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J Gerontol A Biol Sci Med Sci. 2018 Oct 25. doi: 10.1093/gerona/gly250. [Epub ahead of print]

Comparing Estimates of Fall-related Mortality Incidence among Older Adults in the United States.

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Department of Epidemiology and Biostatistics, University of South Carolina, Arnold School of Public Health, Columbia, SC, USA.
Institute for Social Research, University of Michigan, Ann Arbor, MI, USA.
School of Social Work, University of Michigan, Ann Arbor, MI, USA.
Program for Positive Aging and Department of Psychiatry, University of Michigan, Ann Arbor, MI, USA.



Falls are the leading cause of injury-related mortality among older adults in the United States, but incidence and risk factors for fall-related mortality remain poorly understood. This study compared fall-related mortality incidence rate estimates from a nationally-representative cohort to those from a national vital records database and identified correlates of fall-related mortality.


Cause-of-death data from the National Death Index (NDI; 1999-2011) were linked with eight waves from the Health and Retirement Study (HRS), a representative cohort of US older adults (N=20,639). Weighted fall-related mortality incidence rates were calculated and compared with estimates from the CDC vital records data. Fall-related deaths were identified using International Classification of Diseases (Version 10) codes. Person-time at risk was calculated from HRS study entry until death or censoring. Cox proportional hazards models were used to identify individual-level factors associated with fall-related deaths.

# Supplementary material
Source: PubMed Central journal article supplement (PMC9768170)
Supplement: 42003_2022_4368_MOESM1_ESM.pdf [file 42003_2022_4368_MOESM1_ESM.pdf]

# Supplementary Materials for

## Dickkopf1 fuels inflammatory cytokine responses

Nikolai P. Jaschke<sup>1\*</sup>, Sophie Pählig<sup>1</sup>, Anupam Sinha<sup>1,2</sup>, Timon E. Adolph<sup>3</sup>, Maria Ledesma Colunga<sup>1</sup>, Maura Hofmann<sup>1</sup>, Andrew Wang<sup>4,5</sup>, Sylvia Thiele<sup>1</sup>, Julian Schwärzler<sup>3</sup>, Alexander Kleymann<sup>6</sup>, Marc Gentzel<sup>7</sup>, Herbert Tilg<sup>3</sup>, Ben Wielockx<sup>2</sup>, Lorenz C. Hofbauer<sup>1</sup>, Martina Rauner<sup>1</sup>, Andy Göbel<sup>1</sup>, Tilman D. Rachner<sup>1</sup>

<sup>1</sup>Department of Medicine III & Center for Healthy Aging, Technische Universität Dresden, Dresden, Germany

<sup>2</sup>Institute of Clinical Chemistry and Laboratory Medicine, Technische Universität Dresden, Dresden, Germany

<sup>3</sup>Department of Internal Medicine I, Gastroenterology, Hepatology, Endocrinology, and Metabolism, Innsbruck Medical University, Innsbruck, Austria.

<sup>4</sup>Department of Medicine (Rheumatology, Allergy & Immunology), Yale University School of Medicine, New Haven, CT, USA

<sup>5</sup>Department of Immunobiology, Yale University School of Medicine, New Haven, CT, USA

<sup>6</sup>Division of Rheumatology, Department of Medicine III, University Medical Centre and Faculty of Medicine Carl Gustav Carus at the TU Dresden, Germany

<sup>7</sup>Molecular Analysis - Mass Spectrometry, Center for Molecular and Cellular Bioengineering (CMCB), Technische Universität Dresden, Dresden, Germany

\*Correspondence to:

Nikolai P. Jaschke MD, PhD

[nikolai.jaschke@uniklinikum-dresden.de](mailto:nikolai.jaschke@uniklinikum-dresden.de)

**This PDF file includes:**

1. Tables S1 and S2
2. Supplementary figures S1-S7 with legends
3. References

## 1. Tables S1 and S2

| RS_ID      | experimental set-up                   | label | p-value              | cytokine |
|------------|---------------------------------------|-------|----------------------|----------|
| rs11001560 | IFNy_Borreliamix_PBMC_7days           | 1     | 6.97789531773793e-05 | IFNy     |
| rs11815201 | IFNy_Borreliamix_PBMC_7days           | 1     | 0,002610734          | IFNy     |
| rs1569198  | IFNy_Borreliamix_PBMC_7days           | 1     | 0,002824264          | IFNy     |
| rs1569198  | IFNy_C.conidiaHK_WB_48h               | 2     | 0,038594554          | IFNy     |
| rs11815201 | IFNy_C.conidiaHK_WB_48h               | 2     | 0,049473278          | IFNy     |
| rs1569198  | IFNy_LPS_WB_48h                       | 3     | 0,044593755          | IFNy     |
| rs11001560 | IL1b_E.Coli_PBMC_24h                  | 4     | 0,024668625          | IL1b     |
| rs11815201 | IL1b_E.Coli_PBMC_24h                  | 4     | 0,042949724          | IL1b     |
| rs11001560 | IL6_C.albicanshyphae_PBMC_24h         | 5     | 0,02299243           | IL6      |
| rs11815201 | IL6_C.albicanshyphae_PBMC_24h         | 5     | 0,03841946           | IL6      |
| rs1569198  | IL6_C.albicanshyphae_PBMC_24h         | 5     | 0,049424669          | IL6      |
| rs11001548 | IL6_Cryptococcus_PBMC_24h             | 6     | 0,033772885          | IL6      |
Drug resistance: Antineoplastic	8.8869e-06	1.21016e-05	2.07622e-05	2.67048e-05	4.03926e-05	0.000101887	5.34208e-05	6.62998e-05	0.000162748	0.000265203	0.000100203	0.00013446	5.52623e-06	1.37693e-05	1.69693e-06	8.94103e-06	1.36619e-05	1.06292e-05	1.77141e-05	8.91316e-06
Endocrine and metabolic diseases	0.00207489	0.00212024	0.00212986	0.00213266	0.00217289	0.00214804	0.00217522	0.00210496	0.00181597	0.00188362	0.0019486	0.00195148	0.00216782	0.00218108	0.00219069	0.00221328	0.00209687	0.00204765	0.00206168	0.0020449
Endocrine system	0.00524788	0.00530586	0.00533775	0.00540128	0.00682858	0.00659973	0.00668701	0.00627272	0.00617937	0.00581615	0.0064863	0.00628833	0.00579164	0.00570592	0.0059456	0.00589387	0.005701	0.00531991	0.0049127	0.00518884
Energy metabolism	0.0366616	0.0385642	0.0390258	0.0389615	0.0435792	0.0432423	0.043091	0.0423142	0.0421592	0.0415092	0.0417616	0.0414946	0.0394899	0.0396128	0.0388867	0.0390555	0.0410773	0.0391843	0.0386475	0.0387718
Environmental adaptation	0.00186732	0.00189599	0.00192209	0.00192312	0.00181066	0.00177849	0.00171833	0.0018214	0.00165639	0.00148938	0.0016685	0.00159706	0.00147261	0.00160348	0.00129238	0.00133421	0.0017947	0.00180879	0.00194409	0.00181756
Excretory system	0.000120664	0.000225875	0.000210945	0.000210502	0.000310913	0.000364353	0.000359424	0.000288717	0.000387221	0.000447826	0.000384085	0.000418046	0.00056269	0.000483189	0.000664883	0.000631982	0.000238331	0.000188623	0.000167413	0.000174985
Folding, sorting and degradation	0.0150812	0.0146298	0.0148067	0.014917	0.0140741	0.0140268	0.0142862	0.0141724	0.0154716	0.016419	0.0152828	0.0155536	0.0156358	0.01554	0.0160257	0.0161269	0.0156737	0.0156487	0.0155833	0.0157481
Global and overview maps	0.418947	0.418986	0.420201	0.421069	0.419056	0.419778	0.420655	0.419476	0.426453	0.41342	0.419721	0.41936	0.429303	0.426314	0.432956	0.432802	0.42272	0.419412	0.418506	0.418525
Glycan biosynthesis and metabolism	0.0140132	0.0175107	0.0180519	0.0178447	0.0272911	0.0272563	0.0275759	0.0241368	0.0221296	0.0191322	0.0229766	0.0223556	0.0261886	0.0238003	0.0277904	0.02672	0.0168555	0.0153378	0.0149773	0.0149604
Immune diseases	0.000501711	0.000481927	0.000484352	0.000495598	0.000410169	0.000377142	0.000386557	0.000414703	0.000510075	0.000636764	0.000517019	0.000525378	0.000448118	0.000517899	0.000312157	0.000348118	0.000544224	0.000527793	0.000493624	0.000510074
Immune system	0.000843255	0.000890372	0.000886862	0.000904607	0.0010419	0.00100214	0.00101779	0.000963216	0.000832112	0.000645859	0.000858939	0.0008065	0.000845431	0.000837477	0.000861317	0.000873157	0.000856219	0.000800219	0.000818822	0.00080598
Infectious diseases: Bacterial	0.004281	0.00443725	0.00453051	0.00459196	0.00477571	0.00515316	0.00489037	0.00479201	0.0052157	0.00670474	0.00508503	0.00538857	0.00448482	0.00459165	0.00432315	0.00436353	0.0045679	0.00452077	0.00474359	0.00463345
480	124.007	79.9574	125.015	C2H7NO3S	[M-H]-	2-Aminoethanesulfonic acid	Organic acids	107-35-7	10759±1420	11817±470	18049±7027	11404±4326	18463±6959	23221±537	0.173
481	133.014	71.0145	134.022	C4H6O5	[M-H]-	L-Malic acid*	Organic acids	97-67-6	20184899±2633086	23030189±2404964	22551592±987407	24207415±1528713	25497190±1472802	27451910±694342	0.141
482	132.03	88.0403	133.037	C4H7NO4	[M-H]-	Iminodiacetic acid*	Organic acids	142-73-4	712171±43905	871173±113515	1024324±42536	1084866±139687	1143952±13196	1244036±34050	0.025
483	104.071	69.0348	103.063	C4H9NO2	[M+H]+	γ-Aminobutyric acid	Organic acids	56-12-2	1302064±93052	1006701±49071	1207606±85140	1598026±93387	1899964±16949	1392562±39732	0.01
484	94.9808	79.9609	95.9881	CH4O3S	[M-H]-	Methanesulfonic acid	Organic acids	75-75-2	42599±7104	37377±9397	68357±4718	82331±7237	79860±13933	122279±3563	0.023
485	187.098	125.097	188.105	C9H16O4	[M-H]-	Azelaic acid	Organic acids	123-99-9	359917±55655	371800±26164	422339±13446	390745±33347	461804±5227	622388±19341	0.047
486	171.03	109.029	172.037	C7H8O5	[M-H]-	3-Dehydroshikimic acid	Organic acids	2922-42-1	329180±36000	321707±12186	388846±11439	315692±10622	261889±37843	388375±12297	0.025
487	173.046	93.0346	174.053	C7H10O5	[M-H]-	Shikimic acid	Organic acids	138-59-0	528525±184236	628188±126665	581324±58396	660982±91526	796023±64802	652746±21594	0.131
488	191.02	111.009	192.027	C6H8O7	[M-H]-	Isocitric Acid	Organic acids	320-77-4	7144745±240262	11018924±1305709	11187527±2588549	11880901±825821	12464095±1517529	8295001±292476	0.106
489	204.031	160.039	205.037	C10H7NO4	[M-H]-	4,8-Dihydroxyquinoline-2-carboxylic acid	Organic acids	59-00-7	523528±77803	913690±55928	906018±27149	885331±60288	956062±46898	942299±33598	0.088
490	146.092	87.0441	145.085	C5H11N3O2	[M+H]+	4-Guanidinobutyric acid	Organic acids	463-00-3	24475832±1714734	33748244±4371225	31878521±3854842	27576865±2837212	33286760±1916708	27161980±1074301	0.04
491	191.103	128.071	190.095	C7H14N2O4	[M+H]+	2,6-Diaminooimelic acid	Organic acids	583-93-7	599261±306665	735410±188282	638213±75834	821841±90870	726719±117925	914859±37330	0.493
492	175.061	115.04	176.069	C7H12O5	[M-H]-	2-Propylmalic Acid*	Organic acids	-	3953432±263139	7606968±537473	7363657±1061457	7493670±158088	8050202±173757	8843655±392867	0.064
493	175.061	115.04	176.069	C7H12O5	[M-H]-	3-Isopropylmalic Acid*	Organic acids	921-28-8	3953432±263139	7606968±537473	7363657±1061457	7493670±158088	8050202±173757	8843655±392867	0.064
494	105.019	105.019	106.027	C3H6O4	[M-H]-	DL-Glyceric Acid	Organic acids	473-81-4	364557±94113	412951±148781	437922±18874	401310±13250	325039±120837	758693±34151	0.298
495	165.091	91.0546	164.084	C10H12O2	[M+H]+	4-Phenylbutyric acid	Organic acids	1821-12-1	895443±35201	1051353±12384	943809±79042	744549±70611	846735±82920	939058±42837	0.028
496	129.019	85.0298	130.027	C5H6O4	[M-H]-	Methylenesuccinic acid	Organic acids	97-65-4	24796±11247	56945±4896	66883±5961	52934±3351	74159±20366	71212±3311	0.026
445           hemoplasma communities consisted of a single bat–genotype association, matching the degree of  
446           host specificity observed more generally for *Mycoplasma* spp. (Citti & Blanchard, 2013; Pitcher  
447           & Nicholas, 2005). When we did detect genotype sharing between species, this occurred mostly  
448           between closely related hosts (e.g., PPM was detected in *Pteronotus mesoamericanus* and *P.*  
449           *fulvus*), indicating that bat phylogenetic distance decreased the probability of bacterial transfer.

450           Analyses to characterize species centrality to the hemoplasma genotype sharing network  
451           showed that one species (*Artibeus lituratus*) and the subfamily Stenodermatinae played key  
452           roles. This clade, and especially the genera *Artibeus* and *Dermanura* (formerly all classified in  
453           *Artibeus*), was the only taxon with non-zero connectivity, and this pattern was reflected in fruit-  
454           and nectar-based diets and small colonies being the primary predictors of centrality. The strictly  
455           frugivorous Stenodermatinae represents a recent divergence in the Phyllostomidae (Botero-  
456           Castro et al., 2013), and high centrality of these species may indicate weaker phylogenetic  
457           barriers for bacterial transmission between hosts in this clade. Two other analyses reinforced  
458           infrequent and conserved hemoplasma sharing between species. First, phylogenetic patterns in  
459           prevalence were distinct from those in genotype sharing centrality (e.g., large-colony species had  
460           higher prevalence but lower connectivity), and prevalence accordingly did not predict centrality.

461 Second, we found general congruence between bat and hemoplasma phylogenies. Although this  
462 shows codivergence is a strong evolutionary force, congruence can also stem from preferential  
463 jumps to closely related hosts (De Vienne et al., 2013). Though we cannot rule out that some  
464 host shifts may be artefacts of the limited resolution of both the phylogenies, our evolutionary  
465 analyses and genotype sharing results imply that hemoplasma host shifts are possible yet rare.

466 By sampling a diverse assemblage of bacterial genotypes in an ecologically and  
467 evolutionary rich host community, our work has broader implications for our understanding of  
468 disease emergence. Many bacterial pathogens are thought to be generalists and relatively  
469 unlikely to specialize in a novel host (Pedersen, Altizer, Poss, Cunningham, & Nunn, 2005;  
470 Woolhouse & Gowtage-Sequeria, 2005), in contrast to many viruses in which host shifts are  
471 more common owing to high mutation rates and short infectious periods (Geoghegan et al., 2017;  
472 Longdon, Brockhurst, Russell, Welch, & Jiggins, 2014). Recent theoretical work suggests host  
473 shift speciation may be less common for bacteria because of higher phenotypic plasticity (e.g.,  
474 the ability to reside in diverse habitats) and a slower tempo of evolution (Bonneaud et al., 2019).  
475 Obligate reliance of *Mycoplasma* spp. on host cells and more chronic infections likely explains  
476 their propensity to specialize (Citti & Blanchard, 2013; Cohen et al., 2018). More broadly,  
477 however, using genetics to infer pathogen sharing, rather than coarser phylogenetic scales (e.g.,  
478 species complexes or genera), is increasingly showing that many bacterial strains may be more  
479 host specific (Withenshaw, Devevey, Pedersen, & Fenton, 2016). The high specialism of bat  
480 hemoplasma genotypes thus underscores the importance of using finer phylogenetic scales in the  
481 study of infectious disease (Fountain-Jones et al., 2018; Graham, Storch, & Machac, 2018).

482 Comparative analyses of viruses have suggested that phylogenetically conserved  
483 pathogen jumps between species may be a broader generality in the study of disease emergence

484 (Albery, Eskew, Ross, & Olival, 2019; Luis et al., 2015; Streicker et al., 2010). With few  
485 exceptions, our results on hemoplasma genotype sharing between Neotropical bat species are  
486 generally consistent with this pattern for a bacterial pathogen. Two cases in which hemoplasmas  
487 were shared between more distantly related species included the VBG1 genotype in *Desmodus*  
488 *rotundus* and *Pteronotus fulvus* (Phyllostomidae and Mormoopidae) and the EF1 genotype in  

The overall incidence rate of fall-related mortality was greater in HRS-NDI data (51.6 deaths per 100,000; 95% CI: 42.04, 63.37) compared to CDC data (42.00 deaths per 100,000; 95% CI: 41.80, 42.19). Estimated differences between the two data sources were greater for men and adults age 85 and older. Greater age, male gender, and self-reported fall history were identified as independent risk factors for fall-related mortality.


Incidence rates based on aggregate vital records may substantially underestimate the occurrence of and risk for fall-related mortality differentially in men, minorities, and relatively younger adults. Cohort-based estimates of individual fall-related mortality risk are important supplements to vital records estimates.


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